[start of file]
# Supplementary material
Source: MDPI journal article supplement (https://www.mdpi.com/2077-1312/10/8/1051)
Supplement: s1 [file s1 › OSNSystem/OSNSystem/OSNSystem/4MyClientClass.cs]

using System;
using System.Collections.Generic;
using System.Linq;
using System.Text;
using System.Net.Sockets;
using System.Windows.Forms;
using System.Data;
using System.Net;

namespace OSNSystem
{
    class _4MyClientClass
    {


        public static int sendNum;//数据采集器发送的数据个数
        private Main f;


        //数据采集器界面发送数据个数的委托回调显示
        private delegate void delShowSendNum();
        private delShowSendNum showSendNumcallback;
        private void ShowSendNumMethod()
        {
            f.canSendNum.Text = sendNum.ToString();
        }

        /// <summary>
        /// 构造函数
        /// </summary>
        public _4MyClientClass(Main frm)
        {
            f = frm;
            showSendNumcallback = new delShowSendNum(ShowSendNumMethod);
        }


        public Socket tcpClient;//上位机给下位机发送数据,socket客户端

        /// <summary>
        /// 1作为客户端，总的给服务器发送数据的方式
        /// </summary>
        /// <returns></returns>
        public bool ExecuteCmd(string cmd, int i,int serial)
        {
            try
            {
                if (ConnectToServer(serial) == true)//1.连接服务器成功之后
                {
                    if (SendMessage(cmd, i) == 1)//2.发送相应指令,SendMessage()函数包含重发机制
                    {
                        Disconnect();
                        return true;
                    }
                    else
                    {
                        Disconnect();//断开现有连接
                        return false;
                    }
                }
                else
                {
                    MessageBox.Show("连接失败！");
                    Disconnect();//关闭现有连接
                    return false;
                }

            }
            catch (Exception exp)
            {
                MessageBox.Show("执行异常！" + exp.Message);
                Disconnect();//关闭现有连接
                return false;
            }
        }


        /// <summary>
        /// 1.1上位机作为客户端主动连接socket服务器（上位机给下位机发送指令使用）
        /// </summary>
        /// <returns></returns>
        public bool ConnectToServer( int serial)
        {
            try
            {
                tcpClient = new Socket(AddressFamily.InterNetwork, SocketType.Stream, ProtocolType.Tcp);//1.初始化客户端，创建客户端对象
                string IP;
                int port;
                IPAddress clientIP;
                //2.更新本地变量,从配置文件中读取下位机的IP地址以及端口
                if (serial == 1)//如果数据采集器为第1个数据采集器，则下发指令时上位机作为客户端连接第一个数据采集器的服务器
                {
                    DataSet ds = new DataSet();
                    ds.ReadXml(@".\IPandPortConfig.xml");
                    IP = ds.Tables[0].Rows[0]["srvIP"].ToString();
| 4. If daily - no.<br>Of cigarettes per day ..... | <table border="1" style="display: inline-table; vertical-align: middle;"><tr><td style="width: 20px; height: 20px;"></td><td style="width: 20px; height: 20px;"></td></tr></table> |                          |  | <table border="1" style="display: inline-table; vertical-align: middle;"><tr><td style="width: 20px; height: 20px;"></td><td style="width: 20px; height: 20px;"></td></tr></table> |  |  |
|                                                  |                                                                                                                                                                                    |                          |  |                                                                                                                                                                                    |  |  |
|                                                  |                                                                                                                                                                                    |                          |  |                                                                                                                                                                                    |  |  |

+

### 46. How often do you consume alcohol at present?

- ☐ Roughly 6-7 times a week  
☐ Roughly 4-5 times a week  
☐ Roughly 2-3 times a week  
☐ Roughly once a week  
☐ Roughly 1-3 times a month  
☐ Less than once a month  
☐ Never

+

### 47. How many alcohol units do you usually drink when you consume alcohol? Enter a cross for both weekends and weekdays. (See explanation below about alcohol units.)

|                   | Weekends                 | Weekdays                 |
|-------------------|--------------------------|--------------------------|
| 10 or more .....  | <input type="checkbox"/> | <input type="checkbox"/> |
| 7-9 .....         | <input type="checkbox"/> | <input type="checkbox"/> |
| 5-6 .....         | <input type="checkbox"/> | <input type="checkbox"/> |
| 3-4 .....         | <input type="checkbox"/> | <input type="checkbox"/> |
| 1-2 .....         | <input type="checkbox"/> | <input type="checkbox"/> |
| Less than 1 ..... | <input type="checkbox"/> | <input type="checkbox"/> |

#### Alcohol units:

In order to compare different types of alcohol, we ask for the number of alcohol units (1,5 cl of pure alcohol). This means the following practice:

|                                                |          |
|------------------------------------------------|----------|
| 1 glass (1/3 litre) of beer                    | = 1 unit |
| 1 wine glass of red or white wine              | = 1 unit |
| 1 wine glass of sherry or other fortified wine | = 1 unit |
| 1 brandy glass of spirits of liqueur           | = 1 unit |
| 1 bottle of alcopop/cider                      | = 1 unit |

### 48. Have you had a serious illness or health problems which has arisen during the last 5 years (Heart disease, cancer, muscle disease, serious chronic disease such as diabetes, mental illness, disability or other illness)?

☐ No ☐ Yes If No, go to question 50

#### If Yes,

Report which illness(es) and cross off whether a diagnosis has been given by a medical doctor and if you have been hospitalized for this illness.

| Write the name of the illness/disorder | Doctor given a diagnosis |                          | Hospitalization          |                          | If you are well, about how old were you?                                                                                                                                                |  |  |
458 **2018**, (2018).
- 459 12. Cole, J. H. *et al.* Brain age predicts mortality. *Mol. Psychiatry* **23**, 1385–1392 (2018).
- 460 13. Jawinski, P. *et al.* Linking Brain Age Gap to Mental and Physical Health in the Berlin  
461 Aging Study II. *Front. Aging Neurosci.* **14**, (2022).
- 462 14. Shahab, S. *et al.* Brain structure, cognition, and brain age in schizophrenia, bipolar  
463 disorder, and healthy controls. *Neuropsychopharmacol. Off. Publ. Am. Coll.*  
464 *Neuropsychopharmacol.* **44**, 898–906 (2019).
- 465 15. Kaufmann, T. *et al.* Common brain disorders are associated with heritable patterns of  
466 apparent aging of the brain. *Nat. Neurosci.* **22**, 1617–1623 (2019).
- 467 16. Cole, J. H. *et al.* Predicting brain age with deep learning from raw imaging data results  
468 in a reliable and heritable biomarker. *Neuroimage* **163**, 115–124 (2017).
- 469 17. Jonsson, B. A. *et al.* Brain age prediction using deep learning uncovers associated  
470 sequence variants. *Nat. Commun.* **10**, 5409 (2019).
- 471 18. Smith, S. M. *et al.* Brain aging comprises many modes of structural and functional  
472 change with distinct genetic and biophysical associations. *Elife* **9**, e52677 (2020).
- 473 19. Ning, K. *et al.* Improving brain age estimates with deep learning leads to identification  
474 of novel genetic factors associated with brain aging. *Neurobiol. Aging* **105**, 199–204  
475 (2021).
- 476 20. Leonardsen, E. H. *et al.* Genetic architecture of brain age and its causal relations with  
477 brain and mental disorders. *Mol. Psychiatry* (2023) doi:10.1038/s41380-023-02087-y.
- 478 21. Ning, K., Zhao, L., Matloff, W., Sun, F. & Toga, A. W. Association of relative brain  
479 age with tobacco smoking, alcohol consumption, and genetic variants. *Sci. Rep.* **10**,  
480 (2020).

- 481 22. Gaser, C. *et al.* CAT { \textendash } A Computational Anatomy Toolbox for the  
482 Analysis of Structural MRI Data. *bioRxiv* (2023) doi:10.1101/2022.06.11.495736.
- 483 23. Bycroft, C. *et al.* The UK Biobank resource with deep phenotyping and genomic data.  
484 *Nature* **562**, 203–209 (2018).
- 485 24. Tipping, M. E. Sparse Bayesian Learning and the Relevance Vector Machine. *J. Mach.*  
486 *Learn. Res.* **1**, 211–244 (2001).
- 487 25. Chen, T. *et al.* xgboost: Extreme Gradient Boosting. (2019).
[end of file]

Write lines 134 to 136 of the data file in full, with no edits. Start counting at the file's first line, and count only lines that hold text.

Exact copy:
- 469 17. Jonsson, B. A. *et al.* Brain age prediction using deep learning uncovers associated  
470 sequence variants. *Nat. Commun.* **10**, 5409 (2019).
- 471 18. Smith, S. M. *et al.* Brain aging comprises many modes of structural and functional  